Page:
Threshold for engaging ECHR Article 8

April 11th, 2017 by James Goudie KC

In SXH v CPS [2017] UKSC 30 the Supreme Court held that, although ECHR Article 8 is broad, it is not so broad as to encompass everything done by a public authority which has the consequence of affecting someone’s private life in a more than minimal way. Neither the Strasbourg authorities nor domestic case law supports the contention that the institution of criminal proceedings, for a matter which is properly the subject of the criminal law and for which there is sufficient evidence, may be open to challenge on Article 8 grounds. It would be illogical; for if the matter is properly the subject of the criminal law, it is a matter for the processes of the criminal law. The criminalisation of conduct may amount to an interference with Article 8 rights. However, if it does not amount to an unjustifiable interference, then neither does the decision to prosecute for that conduct.

It was argued that Article 8 applied to the decision to prosecute for two reasons: it “targeted” conduct which was itself protected by Article 8, and its consequences were to interfere with the enjoyment of the appellant’s private life. It was submitted that the range of Article 8 is broad, that the threshold for it to apply is low, and that it is almost inevitable that the decisions of the CPS, as a public body, will impact on the private life of the defendant and so engage Article 8.  It was argued that anything done by a public body which has the consequence of affecting someone’s private life in a more than minimal way involves interference with respect for it within the meaning of Article 8.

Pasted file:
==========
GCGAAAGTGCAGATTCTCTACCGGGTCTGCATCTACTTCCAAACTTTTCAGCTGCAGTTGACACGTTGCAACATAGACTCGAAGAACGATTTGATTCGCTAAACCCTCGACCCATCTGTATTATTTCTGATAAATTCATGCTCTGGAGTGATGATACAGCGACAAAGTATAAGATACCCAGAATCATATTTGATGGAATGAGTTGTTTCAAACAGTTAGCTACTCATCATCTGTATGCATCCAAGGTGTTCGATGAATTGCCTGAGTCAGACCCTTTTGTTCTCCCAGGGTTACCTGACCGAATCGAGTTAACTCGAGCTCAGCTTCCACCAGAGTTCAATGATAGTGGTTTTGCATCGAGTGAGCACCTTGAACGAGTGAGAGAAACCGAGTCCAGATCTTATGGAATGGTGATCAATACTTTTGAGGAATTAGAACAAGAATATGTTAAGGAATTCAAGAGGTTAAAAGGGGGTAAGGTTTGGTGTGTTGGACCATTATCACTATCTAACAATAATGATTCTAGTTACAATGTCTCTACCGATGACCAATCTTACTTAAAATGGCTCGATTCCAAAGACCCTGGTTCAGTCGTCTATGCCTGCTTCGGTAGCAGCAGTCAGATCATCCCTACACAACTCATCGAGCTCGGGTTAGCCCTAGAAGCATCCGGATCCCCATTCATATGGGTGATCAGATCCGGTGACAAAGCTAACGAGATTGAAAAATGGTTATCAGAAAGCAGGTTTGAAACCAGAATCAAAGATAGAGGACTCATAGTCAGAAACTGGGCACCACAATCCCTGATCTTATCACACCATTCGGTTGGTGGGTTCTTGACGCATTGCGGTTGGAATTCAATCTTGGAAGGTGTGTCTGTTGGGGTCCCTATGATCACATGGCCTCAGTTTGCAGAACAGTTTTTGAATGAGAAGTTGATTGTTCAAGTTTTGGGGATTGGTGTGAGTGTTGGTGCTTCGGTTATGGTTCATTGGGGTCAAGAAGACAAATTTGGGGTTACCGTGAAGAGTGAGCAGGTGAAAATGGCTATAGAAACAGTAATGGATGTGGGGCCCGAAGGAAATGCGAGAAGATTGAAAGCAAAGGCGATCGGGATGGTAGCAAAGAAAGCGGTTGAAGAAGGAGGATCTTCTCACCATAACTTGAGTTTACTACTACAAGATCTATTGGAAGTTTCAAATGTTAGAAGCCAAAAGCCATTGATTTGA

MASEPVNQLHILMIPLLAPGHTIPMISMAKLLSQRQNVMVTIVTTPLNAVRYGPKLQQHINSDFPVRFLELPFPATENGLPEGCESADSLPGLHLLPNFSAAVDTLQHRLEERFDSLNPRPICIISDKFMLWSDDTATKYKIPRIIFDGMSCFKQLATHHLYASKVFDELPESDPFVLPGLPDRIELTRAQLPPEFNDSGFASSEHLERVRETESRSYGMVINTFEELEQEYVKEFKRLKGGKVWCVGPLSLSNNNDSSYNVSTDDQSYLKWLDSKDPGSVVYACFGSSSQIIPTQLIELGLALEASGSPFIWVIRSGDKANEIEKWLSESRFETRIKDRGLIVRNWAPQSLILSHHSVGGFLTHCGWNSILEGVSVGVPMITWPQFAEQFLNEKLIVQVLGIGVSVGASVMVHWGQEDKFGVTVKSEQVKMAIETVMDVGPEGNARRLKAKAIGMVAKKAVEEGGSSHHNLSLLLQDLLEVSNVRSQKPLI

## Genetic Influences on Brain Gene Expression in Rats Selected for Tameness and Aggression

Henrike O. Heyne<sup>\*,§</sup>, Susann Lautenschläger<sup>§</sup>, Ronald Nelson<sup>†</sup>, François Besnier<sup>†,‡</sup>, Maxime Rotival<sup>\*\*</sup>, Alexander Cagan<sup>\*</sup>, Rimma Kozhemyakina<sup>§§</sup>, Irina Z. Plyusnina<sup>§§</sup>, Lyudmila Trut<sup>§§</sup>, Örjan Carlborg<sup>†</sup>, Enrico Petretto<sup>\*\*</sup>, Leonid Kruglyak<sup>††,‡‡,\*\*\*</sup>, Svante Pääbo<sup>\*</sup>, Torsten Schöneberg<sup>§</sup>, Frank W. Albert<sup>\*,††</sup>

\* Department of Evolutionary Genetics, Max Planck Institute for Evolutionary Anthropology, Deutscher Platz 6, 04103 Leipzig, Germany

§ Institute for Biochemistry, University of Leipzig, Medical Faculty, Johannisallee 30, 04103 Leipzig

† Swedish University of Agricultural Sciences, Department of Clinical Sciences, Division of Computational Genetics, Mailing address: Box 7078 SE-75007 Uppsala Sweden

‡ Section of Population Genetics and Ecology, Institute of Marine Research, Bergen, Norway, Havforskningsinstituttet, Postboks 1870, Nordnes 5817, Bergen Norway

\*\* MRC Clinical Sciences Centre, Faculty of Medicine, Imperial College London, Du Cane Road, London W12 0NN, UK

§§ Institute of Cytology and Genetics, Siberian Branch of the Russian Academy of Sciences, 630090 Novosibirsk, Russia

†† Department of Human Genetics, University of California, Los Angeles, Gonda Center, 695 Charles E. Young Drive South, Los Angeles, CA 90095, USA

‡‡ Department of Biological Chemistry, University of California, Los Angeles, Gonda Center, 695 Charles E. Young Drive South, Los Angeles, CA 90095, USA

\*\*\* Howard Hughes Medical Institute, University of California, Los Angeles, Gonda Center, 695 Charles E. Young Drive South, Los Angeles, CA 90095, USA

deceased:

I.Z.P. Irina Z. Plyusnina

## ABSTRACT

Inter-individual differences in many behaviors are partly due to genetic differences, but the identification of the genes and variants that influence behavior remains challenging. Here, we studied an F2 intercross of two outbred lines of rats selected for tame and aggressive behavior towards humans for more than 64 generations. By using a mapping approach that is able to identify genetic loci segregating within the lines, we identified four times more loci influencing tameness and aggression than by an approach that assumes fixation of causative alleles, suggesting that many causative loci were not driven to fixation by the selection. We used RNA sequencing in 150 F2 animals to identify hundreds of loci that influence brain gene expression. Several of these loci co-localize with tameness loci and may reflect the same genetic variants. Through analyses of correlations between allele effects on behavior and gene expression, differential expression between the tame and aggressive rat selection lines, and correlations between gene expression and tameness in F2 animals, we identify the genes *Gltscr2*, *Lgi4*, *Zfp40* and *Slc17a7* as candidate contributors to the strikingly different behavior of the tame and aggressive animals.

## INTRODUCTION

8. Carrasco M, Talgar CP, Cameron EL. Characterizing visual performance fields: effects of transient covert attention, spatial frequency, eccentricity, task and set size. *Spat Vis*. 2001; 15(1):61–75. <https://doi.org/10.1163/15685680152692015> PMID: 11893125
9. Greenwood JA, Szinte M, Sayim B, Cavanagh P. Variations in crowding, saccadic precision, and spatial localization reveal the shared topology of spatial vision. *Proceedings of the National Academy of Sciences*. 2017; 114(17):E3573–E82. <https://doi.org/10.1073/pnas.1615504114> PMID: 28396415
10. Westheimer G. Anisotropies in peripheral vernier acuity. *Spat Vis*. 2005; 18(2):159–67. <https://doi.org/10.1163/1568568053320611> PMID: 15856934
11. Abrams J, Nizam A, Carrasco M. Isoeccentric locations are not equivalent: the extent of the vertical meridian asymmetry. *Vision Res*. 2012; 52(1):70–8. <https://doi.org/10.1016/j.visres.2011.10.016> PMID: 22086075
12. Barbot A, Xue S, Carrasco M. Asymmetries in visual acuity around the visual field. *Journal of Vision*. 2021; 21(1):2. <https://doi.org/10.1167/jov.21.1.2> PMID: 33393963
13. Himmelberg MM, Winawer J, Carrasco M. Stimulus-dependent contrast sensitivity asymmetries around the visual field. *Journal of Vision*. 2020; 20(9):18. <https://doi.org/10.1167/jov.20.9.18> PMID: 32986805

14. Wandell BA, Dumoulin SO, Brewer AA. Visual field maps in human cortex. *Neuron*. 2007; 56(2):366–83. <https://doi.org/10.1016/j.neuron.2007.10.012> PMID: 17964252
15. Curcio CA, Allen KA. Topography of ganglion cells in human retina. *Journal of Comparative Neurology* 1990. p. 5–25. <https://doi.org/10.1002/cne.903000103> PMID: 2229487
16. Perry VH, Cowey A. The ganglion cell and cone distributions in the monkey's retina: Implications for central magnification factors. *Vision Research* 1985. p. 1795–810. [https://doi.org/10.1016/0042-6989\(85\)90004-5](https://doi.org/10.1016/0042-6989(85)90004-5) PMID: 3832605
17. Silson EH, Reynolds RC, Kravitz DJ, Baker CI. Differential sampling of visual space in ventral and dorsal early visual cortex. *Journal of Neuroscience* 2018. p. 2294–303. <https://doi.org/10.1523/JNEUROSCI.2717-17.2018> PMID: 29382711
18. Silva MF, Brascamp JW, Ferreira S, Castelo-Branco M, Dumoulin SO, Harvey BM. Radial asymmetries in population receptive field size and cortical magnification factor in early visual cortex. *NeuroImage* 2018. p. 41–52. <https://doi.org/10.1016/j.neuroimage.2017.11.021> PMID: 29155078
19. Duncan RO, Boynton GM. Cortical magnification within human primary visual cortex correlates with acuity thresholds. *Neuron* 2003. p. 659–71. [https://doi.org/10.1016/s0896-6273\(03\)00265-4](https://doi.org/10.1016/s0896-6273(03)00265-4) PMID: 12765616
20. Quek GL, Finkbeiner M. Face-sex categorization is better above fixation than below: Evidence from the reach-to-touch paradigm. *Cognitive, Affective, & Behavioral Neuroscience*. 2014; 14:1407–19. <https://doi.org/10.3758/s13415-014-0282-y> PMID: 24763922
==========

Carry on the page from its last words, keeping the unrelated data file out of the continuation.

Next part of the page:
The Supreme Court said that, broad as Article 8 undoubtedly is, the consequentialist argument advanced was far too broad. Lord Toulson took an example far removed from the present case. If a highway authority closes a road for roadworks, or introduces a partial closure, there may be a more than minimal effect on how long it takes residents to get to work, but that cannot be enough to make Article 8 applicable. “Such matters are part of the ordinary incidents of daily life in a community and involve no lack of respect for personal autonomy of the kind which Article 8 is designed to protect”.

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